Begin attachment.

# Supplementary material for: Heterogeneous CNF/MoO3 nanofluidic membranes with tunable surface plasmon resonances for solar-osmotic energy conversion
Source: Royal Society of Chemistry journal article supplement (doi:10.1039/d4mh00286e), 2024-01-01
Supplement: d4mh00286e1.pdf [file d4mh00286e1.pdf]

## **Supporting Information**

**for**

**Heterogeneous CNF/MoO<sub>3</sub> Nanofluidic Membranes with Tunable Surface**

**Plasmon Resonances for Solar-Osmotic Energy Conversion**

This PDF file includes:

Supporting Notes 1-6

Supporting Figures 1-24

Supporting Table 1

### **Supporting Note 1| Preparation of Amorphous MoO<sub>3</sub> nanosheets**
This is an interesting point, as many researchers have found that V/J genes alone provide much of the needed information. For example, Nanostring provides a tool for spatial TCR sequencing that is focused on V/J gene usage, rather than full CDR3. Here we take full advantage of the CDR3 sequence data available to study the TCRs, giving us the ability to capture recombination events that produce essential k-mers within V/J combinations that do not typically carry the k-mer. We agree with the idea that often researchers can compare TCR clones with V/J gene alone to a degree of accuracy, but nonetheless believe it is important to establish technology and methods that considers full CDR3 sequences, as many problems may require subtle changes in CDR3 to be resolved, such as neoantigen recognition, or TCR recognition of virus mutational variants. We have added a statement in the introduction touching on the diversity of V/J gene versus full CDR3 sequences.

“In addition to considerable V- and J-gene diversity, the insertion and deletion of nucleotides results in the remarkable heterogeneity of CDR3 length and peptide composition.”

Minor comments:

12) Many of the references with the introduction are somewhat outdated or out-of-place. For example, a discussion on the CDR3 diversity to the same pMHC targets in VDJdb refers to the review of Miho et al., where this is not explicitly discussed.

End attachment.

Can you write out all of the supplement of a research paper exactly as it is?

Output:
# Supplementary material for: Heterogeneous CNF/MoO3 nanofluidic membranes with tunable surface plasmon resonances for solar-osmotic energy conversion
Source: Royal Society of Chemistry journal article supplement (doi:10.1039/d4mh00286e), 2024-01-01
Supplement: d4mh00286e1.pdf [file d4mh00286e1.pdf]

## **Supporting Information**

**for**

**Heterogeneous CNF/MoO<sub>3</sub> Nanofluidic Membranes with Tunable Surface**

**Plasmon Resonances for Solar-Osmotic Energy Conversion**

This PDF file includes:

Supporting Notes 1-6

Supporting Figures 1-24

Supporting Table 1

### **Supporting Note 1| Preparation of Amorphous MoO<sub>3</sub> nanosheets**
This is an interesting point, as many researchers have found that V/J genes alone provide much of the needed information. For example, Nanostring provides a tool for spatial TCR sequencing that is focused on V/J gene usage, rather than full CDR3. Here we take full advantage of the CDR3 sequence data available to study the TCRs, giving us the ability to capture recombination events that produce essential k-mers within V/J combinations that do not typically carry the k-mer. We agree with the idea that often researchers can compare TCR clones with V/J gene alone to a degree of accuracy, but nonetheless believe it is important to establish technology and methods that considers full CDR3 sequences, as many problems may require subtle changes in CDR3 to be resolved, such as neoantigen recognition, or TCR recognition of virus mutational variants. We have added a statement in the introduction touching on the diversity of V/J gene versus full CDR3 sequences.

“In addition to considerable V- and J-gene diversity, the insertion and deletion of nucleotides results in the remarkable heterogeneity of CDR3 length and peptide composition.”

Minor comments:

12) Many of the references with the introduction are somewhat outdated or out-of-place. For example, a discussion on the CDR3 diversity to the same pMHC targets in VDJdb refers to the review of Miho et al., where this is not explicitly discussed.